Ashi Anand, CIO – IME Strategies, Valcreate Investment Managers, says “PSU banks space is relatively attractive. We are a little more comfortable with the higher quality PSU bank names, so SBI is amongst the top weights. Apart from PSU banks, there are other interesting pockets as well. Defence is probably a decadal story with a very strong make-in-India push. The big problem in defence is that some of these orders tend to be extremely lumpy. So, one needs to be careful about the specific defence names one is going after. We prefer Bharat Electronics which has a much more diversified portfolio. Power, infra and certain other segments are also interesting”

Let us talk about two things. One is in terms of PSUs, which have seen a rally. Do you think that rally in the PSU basket is going to continue and is there anything you are finding, whether banks or in the power pack, attractive there?
Ashi Anand: PSUs have had a remarkable run over the last year. But it has been driven by a combination of different things. Firstly, you have seen a turnaround in operations. Overall operational efficiency has improved and more importantly, across different segments that PSUs are operating in, the business environment has improved quite dramatically. Banks are very good examples of the same. Between 2010 and 2020 and especially 2016 to 2020, a lot of PSU banks were struggling with very large NPA issues. They were struggling with growth. They were struggling with capital. Now, effectively, post 2021-22 with all of these asset quality problems being addressed, we are seeing a very strong turnaround and we are seeing this turnaround across multiple different ratios. So, you are seeing growth coming back, credit quality coming down. We are seeing operating leverage start to play through and you are seeing an ROE improvement.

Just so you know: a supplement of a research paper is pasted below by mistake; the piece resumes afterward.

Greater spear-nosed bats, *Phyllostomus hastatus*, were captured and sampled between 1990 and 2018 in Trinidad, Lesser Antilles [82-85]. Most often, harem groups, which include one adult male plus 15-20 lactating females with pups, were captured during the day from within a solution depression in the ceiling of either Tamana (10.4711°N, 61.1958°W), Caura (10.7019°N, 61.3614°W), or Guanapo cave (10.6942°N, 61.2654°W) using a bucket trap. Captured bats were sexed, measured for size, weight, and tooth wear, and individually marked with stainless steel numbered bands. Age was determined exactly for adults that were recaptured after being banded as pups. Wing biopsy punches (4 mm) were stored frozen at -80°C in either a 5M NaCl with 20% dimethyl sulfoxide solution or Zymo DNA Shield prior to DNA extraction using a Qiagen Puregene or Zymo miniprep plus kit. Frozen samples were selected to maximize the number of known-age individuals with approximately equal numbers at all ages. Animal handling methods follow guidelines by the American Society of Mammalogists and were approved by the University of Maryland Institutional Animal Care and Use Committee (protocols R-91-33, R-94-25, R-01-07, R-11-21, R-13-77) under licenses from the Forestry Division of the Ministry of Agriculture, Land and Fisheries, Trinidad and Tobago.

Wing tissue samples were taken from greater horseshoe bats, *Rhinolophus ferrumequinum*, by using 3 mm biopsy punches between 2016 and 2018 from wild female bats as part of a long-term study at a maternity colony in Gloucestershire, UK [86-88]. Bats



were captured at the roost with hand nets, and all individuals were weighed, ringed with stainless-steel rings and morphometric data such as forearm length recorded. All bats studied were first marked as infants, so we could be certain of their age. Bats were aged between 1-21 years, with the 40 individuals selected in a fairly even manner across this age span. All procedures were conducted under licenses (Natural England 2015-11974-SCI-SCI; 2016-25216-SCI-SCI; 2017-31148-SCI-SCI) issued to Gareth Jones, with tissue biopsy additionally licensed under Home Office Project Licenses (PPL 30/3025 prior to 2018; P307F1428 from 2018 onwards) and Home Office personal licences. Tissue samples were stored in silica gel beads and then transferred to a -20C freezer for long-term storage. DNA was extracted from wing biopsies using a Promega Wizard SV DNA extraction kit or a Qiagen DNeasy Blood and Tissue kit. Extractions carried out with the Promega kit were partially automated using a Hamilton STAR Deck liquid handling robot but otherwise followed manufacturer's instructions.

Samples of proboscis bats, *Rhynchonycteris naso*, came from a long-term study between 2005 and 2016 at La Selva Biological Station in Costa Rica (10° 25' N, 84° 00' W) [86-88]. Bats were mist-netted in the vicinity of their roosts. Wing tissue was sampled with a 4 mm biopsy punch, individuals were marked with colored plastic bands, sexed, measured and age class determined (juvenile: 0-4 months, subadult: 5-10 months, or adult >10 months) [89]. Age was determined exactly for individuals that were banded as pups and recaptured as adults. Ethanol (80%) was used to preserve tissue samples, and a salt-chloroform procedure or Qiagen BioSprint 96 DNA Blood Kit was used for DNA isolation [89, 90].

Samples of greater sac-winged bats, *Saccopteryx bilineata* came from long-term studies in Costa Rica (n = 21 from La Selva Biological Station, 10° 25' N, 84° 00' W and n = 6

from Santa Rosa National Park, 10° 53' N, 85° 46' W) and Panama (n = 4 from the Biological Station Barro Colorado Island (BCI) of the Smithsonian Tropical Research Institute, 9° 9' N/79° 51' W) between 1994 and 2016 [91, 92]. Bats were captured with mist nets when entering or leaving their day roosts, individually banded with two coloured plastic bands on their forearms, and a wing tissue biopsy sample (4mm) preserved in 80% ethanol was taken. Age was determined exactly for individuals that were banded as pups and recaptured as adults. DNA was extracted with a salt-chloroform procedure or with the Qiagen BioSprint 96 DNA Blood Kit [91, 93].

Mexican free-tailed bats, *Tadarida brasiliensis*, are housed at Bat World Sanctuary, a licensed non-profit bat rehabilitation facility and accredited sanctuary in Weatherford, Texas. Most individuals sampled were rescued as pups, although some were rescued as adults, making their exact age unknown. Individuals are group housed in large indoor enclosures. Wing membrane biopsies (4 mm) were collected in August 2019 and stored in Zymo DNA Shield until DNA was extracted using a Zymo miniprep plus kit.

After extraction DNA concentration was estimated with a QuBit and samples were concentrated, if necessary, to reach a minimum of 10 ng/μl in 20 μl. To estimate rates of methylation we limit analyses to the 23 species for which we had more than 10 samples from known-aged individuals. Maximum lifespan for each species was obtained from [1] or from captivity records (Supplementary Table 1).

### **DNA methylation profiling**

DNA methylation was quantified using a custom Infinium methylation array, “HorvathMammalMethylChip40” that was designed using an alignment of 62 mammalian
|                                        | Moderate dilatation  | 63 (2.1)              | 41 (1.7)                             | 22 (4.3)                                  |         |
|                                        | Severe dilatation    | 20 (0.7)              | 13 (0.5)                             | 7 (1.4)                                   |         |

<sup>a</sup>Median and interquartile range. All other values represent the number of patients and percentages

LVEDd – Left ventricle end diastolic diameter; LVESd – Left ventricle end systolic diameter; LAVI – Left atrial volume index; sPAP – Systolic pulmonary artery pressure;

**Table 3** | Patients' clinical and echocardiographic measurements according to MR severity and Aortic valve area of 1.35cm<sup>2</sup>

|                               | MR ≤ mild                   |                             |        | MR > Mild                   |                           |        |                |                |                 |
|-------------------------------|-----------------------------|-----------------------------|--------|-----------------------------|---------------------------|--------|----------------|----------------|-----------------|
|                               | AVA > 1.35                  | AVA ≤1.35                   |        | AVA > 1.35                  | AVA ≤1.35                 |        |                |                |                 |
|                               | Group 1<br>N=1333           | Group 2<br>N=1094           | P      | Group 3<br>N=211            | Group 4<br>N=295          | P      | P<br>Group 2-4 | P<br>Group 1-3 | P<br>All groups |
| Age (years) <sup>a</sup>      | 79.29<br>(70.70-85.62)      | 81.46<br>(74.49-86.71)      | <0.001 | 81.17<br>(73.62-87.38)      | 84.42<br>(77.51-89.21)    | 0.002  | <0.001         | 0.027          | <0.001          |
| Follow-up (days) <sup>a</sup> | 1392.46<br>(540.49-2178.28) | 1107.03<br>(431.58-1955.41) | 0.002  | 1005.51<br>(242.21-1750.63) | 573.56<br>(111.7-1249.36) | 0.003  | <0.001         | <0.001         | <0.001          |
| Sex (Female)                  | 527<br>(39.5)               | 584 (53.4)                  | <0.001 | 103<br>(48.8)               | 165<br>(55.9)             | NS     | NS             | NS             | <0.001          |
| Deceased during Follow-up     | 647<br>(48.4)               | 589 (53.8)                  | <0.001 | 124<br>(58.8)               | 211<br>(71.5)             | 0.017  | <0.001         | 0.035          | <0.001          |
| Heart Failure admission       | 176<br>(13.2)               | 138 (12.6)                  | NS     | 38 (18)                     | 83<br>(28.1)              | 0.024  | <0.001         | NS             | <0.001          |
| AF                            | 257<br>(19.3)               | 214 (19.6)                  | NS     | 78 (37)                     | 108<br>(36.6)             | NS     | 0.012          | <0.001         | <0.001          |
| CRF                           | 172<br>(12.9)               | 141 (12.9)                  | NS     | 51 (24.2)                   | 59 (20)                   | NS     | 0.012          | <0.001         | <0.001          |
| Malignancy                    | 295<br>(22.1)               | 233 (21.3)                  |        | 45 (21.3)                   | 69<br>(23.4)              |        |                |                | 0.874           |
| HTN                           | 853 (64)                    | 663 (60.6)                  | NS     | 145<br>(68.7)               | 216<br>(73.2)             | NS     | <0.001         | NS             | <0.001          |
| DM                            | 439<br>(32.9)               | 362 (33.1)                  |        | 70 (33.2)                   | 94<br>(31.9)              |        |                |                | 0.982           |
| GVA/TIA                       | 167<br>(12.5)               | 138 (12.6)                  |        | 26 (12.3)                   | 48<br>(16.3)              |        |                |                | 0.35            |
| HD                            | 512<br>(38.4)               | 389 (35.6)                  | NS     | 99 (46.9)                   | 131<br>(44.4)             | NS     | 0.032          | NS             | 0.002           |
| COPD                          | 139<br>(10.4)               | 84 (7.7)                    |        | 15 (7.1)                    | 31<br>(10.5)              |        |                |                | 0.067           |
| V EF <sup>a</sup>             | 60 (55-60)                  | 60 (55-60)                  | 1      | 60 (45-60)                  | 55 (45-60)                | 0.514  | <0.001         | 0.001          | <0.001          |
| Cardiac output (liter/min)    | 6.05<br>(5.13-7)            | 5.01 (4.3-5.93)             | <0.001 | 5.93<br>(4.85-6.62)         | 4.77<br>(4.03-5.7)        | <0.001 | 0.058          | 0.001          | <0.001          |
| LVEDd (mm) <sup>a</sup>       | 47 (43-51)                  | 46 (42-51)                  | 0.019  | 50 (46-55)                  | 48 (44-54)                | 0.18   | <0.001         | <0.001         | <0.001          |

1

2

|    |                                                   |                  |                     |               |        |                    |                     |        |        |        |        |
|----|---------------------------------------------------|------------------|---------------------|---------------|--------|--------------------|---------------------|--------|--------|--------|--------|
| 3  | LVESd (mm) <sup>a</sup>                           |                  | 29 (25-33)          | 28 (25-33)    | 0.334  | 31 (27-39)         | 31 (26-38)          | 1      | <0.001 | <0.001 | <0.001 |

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Now, valuations which were very cheap have basically rebounded. But there is potentially still space for that to grow. So, PSU banks space is relatively attractive. At Valcreate, we are a little more comfortable with the higher quality PSU bank names, so SBI clearly is something that is amongst the top weights.

Now, apart from PSU banks, there are other interesting pockets as well. Defence is probably a decadal story with a very strong make-in-India push and a very strong strategic rationale. The big problem, however, in defence is that some of these orders tend to be extremely lumpy. So, one needs to be careful about the specific defence names. We prefer Bharat Electronics which has a much more diversified portfolio.

If you are looking at companies like HAL, Mazagon Dock, Bharat Dynamics, they tend to be very dependent on specific projects. And if those projects come through, things could be fine. Otherwise, not. These are the two spaces within PSUs that we are relatively more comfortable with. I think power, infra, there are certain other segments which are also interesting. But this is at least a space that we are focusing on.

One more point I want to talk about is in terms of OMCs, the oil and gas space, anything attractive that you find there as well because we have seen that run-up coming in, whether you look at an HPCL, BPCL, IOCL, especially in the last few months, there is a sharp run-up there. So, anything that you find in terms of value over there?
Ashi Anand: This is a space that we historically did not really like too much. What you tend to see is performance, and stock prices can be very volatile. One of the key problems in the OMC space is that if oil prices move up a lot, suddenly windfall taxes can come in. We have had at least historically not so much under the current government, but there have been caps in terms of marketing margins, etc.